ILOILO CITY, Philippines (AP) _ President Corazon Aquino met for the first time Friday with communist rebel leaders and is ready to negotiate a regional cease-fire on the island of Panay, a government spokesman said.

Mrs. Aquino said negotiating teams should be designated ''in the shortest possible time'' to discuss the proposal, according to spokesman Teodoro Benigno.

The 40-minute meeting on this central Philippine island about 200 miles southeast of Manila was arranged by Iloilo Archbishop Alberto Piamonte at the request of the government.

Mrs. Aquino met with Concha Bocala Araneta, a chief officer of the outlawed Communist Party, and Jose Torre, a Roman Catholic priest representing the National Democratic Front, a communist-led rebel umbrella group.

The two sides said in a joint statement they were ''open to the idea of a cease-fire.''

''The prospects are that we might have started a mechanism for a cease-fire and eventual peace on the island,'' said Piamonte.

Presidential aide Teodoro Locsin said he did not know whether the meeting had any link to stalled negotiations between the government and the guerrillas' national leadership to end the 17-year-old insurgency.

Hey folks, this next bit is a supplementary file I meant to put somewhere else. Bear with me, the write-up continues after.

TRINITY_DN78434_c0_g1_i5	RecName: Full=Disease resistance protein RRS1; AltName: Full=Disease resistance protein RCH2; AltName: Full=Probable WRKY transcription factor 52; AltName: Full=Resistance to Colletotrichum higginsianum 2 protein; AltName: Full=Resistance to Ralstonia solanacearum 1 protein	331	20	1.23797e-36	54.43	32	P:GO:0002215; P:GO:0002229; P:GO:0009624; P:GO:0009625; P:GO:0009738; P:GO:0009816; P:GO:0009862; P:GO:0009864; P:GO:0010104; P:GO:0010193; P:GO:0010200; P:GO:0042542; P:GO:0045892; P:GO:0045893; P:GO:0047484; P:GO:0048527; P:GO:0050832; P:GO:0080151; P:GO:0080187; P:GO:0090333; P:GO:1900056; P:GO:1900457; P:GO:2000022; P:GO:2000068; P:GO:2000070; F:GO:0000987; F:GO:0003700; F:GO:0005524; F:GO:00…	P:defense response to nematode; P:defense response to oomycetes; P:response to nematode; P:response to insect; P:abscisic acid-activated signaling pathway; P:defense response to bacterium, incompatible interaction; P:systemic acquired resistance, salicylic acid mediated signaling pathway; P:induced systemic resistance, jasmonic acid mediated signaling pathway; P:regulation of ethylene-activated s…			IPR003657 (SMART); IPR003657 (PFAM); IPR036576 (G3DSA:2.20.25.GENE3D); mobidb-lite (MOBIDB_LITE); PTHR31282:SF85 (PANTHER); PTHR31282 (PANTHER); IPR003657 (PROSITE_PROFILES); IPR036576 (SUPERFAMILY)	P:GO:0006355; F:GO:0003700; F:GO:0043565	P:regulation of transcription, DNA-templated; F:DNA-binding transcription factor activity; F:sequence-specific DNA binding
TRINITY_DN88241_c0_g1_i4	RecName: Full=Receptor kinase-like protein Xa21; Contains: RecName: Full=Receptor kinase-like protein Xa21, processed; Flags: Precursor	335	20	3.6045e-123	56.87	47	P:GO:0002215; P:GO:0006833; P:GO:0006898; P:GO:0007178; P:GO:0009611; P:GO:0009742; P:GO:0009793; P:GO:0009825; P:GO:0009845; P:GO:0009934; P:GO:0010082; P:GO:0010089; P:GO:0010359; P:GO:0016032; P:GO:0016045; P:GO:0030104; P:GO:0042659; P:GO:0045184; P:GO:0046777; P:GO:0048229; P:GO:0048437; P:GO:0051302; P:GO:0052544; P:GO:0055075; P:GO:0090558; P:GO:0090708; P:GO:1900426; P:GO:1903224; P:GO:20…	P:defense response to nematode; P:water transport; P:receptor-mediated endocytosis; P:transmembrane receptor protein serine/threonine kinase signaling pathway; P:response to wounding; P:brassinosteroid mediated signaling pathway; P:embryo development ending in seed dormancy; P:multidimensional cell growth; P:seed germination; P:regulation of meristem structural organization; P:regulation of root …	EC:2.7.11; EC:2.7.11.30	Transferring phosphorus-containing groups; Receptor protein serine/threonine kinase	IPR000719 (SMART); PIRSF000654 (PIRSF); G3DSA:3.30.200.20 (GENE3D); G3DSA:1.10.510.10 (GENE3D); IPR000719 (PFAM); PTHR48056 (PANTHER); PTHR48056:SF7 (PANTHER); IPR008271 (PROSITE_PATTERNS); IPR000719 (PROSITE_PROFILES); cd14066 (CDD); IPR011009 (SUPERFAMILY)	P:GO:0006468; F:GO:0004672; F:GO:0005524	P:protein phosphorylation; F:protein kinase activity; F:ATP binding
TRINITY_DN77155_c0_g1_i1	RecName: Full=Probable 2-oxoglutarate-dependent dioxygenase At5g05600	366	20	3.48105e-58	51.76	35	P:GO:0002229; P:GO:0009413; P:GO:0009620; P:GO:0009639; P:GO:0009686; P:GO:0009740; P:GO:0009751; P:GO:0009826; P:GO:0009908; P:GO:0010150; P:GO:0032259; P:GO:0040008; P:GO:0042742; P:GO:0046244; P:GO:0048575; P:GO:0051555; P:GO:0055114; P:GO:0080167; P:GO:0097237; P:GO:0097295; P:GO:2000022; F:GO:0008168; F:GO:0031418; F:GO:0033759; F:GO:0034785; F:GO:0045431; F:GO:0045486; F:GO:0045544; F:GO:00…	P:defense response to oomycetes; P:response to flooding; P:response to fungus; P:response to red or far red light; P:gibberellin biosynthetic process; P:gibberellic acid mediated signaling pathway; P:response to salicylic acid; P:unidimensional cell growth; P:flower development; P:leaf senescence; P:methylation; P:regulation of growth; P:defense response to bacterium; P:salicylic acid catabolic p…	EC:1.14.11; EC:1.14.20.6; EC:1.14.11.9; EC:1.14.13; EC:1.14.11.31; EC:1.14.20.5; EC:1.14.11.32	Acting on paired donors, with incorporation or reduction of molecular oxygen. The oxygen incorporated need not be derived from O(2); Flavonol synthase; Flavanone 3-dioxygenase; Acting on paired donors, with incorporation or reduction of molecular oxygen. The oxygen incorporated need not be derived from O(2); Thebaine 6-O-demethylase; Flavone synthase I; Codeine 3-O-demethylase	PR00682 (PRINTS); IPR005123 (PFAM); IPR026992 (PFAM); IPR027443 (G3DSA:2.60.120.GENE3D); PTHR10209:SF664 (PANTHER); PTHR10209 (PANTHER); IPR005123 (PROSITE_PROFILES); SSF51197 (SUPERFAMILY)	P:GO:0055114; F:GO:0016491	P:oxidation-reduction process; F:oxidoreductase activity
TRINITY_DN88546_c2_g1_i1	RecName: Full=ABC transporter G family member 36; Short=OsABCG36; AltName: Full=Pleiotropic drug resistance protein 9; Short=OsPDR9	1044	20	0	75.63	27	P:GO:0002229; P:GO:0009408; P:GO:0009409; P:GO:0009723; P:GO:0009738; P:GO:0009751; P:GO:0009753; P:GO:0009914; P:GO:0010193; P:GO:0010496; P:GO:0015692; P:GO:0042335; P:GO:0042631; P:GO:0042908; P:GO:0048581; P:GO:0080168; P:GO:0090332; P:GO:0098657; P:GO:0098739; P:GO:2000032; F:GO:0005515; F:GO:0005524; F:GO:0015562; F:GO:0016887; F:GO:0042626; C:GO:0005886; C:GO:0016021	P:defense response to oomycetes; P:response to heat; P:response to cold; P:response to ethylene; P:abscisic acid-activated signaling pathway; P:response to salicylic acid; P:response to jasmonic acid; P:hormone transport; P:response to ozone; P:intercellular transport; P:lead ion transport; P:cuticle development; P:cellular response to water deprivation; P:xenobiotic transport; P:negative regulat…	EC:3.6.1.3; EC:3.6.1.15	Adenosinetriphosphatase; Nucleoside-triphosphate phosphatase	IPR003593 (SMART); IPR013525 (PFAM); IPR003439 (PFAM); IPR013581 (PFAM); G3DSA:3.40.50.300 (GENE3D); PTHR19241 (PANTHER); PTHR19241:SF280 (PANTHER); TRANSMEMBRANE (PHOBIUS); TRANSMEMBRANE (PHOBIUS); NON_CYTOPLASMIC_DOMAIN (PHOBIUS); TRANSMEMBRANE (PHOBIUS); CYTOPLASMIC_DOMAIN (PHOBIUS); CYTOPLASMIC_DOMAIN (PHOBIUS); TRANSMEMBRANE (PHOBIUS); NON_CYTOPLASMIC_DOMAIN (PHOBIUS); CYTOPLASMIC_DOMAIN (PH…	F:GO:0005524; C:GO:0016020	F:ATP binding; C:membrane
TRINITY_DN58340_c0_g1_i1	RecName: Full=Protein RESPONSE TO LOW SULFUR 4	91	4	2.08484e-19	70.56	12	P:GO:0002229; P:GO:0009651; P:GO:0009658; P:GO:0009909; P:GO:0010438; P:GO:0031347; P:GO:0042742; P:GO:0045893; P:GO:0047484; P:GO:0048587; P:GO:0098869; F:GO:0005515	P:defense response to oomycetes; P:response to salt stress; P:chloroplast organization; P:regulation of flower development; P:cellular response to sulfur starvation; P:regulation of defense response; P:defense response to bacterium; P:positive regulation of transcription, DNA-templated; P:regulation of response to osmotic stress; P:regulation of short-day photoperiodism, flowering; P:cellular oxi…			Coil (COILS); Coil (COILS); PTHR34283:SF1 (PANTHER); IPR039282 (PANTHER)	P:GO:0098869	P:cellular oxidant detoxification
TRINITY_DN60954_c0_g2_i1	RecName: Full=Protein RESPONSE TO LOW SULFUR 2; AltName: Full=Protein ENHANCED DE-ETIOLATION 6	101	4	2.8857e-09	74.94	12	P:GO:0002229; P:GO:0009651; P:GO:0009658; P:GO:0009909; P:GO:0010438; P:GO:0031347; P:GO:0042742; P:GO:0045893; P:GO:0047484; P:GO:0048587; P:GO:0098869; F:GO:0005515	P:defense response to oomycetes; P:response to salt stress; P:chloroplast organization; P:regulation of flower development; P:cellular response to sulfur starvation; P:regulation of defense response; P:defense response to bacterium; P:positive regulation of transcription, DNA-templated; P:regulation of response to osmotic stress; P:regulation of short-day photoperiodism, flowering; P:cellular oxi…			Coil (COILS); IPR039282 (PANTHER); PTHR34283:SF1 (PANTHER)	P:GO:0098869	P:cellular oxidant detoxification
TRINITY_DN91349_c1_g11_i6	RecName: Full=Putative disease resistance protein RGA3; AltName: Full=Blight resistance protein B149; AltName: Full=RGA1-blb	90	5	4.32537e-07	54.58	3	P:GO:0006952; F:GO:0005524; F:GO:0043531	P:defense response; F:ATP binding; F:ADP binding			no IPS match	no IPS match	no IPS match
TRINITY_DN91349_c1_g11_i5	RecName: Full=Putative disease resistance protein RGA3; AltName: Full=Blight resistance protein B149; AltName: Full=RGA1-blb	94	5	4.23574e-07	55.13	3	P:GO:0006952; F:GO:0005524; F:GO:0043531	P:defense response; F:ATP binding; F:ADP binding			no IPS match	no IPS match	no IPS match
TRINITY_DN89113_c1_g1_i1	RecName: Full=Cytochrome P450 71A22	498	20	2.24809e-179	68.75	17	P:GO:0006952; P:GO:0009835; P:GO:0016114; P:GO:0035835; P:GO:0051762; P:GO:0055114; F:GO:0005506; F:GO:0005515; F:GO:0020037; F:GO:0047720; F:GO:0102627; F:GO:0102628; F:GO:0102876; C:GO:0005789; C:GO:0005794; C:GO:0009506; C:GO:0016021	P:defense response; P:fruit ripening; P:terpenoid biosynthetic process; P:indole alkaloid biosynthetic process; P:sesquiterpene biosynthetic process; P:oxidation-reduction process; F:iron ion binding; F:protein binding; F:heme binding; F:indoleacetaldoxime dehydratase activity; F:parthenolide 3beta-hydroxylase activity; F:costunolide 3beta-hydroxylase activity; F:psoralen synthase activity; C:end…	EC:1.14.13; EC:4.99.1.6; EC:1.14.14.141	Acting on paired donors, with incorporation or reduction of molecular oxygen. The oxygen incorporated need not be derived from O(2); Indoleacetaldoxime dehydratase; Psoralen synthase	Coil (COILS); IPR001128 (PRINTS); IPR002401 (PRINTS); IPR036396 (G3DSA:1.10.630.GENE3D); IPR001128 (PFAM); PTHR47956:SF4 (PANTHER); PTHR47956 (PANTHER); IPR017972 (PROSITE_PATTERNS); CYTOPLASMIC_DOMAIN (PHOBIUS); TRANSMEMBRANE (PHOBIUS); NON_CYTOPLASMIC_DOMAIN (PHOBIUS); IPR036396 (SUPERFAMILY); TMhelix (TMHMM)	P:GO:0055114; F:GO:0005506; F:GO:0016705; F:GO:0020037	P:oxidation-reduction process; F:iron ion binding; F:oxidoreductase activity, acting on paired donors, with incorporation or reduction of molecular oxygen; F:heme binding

In a speech on nearby Cebu Island, meanwhile, Defense Minister Juan Ponce Enrile reiterated allegations that the comunists are not negotiating in good faith and ultimately want to seize power.

''In my own mind there are two governments in the Philippines,'' Enrile told a group of radio broadcasters. He said the ''government of the left'' was infiltrating Mrs. Aquino's administration.

''Do we allow the existence of these two? How can we survive this? How long can we postpone an inevitable confrontation?'' said Enrile who has repeatedly called for tougher action against the rebels.

Cabinet members have criticized Enrile, saying he is trying to weaken Mrs. Aquino's position.

Shortly before meeting with the rebels, Mrs. Aquino defended her peace policy.

''I am pursuing the path of negotiating with the insurgents because I want to spare our country further bloodshed and the loss of precious lives we need for the reconstruction of our country,'' she told soldiers at a military camp in Iloilo.

''The enemies of our new democracy ... have tried to demoralize you by saying that our peace initiatives derogate from the indispensible role and honored place of the soldier in our republic,'' she said.

Mrs. Aquino has tried since taking power in February to arrange a cease- fire with the communists, who have said a truce must be part of a comprehensive settlement including military withdrawal from some rural areas.

No talks have taken place since the Sept. 29 capture of Rodolfo Salas, the alleged commander of the rebels' New People's Army. The arrest occurred as the government said a truce was imminent.